In Sudan, protests met with violent government response

The response of Sudan's government to Egypt-inspired protests last week shows it will go to great lengths to maintain control over its remaining territory.

Sudan's President Omar Hassan al-Bashir holds up prayer beads as a gesture to supporters during a rally in northern Khartoum on Feb. 5. Bashir promised a future of freedom and open government in a strikingly conciliatory speech following a week of small protests in Sudan and an uprising in neighbouring Egypt.

The violent government response to peaceful protests in Sudan last week is an alarming reminder that without external engagement, the Sudanese government is likely to continue a ruling strategy that has so far led to more conflict than peace in the country’s history.

Youth-led protests, triggered by economic and political frustrations, took place across major cities beginning last weekend, but were quickly shut down by the week’s end. The number of demonstrators was relatively small compared to protests in neighboring Egypt; initially, thousands turned out, and then the number of participants dropped into the hundreds late last week.

According to numerous news reports, Sudanese security forces responded to the largely peaceful protests with tear gas and beatings with water pipes and sticks, reportedly causing one student’s death. A handful of human rights groups have also reported on a large number of arrests – 113 at one point, according to the Africa Center for Justice and Peace Studies. More alarming are the many individuals that remain in detention, with no communication to the outside and no rights guaranteed under Sudanese law.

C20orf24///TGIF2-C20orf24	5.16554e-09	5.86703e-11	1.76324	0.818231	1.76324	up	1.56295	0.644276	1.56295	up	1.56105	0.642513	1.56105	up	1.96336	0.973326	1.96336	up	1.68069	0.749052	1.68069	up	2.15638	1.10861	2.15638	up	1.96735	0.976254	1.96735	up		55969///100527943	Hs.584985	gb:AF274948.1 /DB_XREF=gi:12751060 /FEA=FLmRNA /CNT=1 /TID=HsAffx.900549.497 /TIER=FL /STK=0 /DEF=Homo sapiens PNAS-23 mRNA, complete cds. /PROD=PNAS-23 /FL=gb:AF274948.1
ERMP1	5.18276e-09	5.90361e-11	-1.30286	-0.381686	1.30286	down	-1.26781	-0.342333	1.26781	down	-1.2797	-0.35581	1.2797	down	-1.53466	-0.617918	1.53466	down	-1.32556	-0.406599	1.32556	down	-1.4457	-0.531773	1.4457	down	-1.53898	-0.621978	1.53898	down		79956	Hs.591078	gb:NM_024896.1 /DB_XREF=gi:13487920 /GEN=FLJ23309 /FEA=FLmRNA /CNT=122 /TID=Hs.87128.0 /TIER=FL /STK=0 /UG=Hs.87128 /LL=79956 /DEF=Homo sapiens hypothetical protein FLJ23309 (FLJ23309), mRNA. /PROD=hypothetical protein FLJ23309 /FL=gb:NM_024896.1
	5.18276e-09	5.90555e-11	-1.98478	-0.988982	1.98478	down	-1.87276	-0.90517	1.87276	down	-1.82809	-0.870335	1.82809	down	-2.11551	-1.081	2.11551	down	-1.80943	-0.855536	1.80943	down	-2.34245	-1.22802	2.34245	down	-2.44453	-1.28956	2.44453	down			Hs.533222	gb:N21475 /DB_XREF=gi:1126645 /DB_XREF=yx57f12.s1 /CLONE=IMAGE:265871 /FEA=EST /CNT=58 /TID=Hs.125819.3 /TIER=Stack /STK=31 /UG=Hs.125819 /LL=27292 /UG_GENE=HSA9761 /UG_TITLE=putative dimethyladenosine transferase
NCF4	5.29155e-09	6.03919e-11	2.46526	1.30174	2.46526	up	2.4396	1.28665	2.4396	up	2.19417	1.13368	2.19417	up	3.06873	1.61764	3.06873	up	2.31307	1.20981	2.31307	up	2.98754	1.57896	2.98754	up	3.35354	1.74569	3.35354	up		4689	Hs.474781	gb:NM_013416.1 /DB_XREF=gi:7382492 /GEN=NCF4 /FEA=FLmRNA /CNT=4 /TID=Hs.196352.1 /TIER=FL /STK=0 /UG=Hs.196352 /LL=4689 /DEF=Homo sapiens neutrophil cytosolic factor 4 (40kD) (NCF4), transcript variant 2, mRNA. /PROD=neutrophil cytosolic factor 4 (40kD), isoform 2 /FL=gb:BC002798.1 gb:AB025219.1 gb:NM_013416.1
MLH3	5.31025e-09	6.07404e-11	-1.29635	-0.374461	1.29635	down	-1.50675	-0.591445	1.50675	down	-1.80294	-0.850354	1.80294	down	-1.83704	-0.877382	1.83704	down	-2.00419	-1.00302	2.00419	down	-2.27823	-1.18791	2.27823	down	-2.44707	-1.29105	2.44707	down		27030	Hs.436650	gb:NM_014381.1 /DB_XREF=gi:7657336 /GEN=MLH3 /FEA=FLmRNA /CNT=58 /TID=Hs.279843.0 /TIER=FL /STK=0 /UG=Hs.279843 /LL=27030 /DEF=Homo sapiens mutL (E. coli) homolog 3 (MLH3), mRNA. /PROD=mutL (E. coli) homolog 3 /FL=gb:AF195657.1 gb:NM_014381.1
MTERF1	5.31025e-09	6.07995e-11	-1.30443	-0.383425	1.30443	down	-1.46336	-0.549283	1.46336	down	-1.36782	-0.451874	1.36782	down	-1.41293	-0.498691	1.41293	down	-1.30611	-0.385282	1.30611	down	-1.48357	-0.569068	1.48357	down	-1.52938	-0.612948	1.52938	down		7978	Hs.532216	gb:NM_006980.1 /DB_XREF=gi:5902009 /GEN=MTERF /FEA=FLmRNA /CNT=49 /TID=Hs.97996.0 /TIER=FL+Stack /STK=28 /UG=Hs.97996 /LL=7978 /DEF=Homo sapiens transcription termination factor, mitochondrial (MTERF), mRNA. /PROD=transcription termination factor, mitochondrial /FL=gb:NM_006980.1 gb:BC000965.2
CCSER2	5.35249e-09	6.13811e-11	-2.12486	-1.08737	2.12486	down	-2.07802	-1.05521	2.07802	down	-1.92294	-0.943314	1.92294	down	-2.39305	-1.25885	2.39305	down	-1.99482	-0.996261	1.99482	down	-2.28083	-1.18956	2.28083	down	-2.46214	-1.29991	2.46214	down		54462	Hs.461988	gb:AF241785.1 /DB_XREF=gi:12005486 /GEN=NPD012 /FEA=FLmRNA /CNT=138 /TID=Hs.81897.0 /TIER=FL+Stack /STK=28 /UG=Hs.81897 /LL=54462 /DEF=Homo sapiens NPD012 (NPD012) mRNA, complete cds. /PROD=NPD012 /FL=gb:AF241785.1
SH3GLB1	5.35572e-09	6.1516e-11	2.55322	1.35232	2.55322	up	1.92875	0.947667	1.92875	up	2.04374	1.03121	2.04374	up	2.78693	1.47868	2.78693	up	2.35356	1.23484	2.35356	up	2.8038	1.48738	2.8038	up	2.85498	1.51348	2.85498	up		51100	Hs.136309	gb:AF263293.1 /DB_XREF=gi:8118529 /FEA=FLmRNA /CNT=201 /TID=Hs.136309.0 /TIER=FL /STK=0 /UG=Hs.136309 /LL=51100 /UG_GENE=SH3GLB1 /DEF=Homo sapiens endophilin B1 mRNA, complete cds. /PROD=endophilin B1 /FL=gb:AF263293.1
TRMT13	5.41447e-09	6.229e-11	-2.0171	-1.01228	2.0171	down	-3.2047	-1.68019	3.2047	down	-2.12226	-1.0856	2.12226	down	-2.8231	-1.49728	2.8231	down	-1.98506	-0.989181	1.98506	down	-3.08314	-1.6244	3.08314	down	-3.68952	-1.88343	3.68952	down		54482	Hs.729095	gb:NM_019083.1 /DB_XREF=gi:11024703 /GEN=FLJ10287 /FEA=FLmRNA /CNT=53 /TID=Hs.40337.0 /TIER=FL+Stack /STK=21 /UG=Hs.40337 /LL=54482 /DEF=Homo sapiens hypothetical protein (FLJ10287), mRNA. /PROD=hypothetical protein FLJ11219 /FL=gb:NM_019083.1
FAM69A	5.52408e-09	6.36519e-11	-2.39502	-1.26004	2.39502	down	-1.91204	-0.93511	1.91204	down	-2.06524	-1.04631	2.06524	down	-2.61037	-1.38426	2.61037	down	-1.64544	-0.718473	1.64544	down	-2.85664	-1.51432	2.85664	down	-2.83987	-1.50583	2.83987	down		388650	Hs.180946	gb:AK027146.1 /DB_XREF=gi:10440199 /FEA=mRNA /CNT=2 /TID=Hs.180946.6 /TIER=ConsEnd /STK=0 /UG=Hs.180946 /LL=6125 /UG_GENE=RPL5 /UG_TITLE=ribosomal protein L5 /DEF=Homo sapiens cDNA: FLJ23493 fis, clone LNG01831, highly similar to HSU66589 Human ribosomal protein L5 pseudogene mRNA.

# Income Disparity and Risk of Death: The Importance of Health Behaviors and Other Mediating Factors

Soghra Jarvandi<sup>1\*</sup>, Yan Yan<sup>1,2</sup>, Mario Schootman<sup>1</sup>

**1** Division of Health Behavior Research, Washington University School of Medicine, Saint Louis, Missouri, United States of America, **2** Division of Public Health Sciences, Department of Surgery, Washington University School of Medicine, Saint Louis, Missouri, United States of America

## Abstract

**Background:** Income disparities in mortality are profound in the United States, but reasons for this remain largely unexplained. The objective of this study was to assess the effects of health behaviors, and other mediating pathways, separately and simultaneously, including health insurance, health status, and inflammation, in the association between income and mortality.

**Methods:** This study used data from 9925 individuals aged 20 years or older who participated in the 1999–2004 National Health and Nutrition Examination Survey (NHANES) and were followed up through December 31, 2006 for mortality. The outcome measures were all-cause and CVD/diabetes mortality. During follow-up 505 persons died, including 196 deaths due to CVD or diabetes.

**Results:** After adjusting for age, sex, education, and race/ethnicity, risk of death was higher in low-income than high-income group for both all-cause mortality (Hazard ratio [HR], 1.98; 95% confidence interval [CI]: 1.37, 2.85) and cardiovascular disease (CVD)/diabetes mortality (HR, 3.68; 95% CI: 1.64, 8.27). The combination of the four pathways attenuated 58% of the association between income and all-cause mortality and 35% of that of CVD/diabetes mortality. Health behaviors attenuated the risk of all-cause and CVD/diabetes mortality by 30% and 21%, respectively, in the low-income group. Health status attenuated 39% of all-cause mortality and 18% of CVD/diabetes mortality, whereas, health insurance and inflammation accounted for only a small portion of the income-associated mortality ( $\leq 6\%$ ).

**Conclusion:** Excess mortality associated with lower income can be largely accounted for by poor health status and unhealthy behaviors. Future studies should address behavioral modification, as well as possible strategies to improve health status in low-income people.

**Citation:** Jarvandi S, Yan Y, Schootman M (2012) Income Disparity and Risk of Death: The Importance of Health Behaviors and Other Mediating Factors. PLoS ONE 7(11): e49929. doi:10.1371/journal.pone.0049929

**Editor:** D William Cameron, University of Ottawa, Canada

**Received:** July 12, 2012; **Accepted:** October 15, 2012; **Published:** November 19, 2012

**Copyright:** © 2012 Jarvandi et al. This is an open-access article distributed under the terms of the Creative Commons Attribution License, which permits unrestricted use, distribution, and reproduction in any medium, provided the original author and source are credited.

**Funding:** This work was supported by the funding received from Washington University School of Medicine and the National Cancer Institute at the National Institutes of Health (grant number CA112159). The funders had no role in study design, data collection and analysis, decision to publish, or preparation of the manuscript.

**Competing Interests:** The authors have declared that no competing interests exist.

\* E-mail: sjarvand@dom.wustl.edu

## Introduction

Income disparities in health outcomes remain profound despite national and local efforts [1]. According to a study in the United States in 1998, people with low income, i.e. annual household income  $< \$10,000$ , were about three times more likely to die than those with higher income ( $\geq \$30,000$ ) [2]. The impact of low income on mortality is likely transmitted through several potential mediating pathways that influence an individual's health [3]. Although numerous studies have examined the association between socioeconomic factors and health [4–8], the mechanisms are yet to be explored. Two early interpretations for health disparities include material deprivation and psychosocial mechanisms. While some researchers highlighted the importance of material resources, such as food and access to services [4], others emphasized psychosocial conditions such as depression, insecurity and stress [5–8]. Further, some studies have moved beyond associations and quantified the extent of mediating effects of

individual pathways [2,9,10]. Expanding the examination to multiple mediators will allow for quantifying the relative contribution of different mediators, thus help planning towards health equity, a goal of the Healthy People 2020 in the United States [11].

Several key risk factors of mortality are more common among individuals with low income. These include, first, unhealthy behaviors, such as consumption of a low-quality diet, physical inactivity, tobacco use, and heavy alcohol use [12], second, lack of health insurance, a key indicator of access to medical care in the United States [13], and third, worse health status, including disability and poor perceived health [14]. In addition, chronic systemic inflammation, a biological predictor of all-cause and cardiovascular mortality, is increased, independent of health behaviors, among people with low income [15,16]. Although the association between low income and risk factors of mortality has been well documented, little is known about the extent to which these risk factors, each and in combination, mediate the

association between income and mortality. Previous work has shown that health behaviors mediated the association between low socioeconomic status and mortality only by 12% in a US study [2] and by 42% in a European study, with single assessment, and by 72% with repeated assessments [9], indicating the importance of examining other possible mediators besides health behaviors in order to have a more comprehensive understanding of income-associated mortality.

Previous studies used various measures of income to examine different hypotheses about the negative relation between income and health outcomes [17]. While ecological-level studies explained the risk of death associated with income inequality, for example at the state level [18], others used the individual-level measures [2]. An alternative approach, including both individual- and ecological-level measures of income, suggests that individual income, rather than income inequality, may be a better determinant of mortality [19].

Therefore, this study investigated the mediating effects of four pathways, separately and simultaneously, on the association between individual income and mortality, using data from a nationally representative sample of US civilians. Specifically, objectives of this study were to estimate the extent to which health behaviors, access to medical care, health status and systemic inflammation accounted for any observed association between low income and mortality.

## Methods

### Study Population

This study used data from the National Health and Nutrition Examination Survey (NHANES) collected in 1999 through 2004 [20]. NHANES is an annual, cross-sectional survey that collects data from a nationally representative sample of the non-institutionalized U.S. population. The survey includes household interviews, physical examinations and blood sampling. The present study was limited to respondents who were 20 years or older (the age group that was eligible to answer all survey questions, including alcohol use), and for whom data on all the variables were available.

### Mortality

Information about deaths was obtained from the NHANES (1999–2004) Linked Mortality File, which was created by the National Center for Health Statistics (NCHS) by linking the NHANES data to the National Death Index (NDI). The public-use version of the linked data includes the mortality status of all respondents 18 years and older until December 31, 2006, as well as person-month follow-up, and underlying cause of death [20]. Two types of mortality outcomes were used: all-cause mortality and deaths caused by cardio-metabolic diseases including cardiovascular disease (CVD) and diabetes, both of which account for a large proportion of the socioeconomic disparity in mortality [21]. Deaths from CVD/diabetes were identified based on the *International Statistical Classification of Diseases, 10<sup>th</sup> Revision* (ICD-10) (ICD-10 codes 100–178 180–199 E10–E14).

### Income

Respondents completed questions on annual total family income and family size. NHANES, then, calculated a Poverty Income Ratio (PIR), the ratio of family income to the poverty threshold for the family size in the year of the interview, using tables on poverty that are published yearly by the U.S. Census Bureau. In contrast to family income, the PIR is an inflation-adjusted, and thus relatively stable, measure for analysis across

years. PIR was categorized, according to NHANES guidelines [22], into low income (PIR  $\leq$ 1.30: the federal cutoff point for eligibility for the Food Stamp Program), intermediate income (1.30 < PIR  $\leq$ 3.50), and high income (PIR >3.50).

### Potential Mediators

“Sudanese authorities have long used national security powers to arrest and detain political activists, often mistreating or torturing them in detention (…),” warned Human Rights Watch in a statement following the protests. Opposition journalists have also been targeted.

The ruling National Congress Party’s response to the protests is only the latest indication that the Sudanese government will continue to curtail political space, violate human rights, and even commit war crimes, in order to maintain its control over the state and to enforce its vision of what Sudan should be. In a number of public remarks, Sudanese President Omar al-Bashir has said that he intends Sudan to be a Sharia-based Islamic state with no “diversity of culture and ethnicity” after secession. In a New York Times piece on the fate of the North, Bec Hamilton writes:

“The southern case against the N.C.P.’s vision of Sudan is well understood. Less appreciated are the longstanding efforts of many northerners to also reject the imposition of this unitary Islamic-Arab identity on “our beautiful Sudan.” For them, the south of the country has been a counterweight. (…) With the south now out of the equation, dissident northerners fear being left without allies at a critical moment in the battle to define their new country.”

So what allies do proponents of an inclusive and diverse Sudan in the North have? The US would seem an obvious one. But in recent remarks from Secretary of State Hillary Clinton and Deputy Secretary of State Jim Steinberg, the need for good governance and multi-party democracy in only the new South was emphasized—the need for political reform in the new North was notably absent from the message.

The Obama administration has already pledged its biggest points of leverage toward solidifying a peaceful and smooth separation and improving conditions in Darfur. In the interest of stability, the U.S. government also seeks to reassure the Sudanese government of its political and economic wellbeing after secession. Simultaneously pressing for good governance in the North will be a difficult and delicate task. Nevertheless, it should be an integral piece of the U.S.’s policy toward Sudan going forward and understood as a necessary step toward preventing future conflict in Sudan.

Amanda Hsiao blogs for the Enough Project at Enough Said.

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